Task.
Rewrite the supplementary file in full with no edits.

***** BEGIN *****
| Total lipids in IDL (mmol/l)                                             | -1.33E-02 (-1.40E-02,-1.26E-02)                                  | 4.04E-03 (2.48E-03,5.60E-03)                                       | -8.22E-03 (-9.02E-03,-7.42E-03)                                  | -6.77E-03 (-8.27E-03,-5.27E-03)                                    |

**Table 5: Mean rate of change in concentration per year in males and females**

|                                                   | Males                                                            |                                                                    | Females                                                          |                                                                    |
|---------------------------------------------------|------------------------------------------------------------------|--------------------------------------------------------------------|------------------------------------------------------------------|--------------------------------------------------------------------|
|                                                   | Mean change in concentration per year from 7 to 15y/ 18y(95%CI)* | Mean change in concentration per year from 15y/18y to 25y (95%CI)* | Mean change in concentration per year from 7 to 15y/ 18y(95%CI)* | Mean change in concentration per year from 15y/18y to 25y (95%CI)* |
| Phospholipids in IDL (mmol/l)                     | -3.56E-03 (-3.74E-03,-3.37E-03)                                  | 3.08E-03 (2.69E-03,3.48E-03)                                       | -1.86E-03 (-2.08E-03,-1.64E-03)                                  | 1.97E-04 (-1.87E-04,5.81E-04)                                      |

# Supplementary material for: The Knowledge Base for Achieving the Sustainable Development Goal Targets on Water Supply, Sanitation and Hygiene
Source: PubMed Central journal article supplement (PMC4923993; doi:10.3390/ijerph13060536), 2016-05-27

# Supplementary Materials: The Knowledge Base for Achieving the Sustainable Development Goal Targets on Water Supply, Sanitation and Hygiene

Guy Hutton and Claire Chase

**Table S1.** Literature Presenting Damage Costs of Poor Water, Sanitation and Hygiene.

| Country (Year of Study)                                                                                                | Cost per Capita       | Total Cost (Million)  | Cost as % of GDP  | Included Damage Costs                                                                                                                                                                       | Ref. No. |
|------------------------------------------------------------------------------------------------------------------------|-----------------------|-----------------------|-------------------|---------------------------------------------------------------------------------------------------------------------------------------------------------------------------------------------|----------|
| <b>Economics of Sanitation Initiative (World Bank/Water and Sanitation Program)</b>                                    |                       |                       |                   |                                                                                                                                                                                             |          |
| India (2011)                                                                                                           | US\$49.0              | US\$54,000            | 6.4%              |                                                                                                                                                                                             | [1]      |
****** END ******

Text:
| Total lipids in IDL (mmol/l)                                             | -1.33E-02 (-1.40E-02,-1.26E-02)                                  | 4.04E-03 (2.48E-03,5.60E-03)                                       | -8.22E-03 (-9.02E-03,-7.42E-03)                                  | -6.77E-03 (-8.27E-03,-5.27E-03)                                    |

**Table 5: Mean rate of change in concentration per year in males and females**

|                                                   | Males                                                            |                                                                    | Females                                                          |                                                                    |
|---------------------------------------------------|------------------------------------------------------------------|--------------------------------------------------------------------|------------------------------------------------------------------|--------------------------------------------------------------------|
|                                                   | Mean change in concentration per year from 7 to 15y/ 18y(95%CI)* | Mean change in concentration per year from 15y/18y to 25y (95%CI)* | Mean change in concentration per year from 7 to 15y/ 18y(95%CI)* | Mean change in concentration per year from 15y/18y to 25y (95%CI)* |
| Phospholipids in IDL (mmol/l)                     | -3.56E-03 (-3.74E-03,-3.37E-03)                                  | 3.08E-03 (2.69E-03,3.48E-03)                                       | -1.86E-03 (-2.08E-03,-1.64E-03)                                  | 1.97E-04 (-1.87E-04,5.81E-04)                                      |

# Supplementary material for: The Knowledge Base for Achieving the Sustainable Development Goal Targets on Water Supply, Sanitation and Hygiene
Source: PubMed Central journal article supplement (PMC4923993; doi:10.3390/ijerph13060536), 2016-05-27

# Supplementary Materials: The Knowledge Base for Achieving the Sustainable Development Goal Targets on Water Supply, Sanitation and Hygiene

Guy Hutton and Claire Chase

**Table S1.** Literature Presenting Damage Costs of Poor Water, Sanitation and Hygiene.

| Country (Year of Study)                                                                                                | Cost per Capita       | Total Cost (Million)  | Cost as % of GDP  | Included Damage Costs                                                                                                                                                                       | Ref. No. |
|------------------------------------------------------------------------------------------------------------------------|-----------------------|-----------------------|-------------------|---------------------------------------------------------------------------------------------------------------------------------------------------------------------------------------------|----------|
| <b>Economics of Sanitation Initiative (World Bank/Water and Sanitation Program)</b>                                    |                       |                       |                   |                                                                                                                                                                                             |          |
| India (2011)                                                                                                           | US\$49.0              | US\$54,000            | 6.4%              |                                                                                                                                                                                             | [1]      |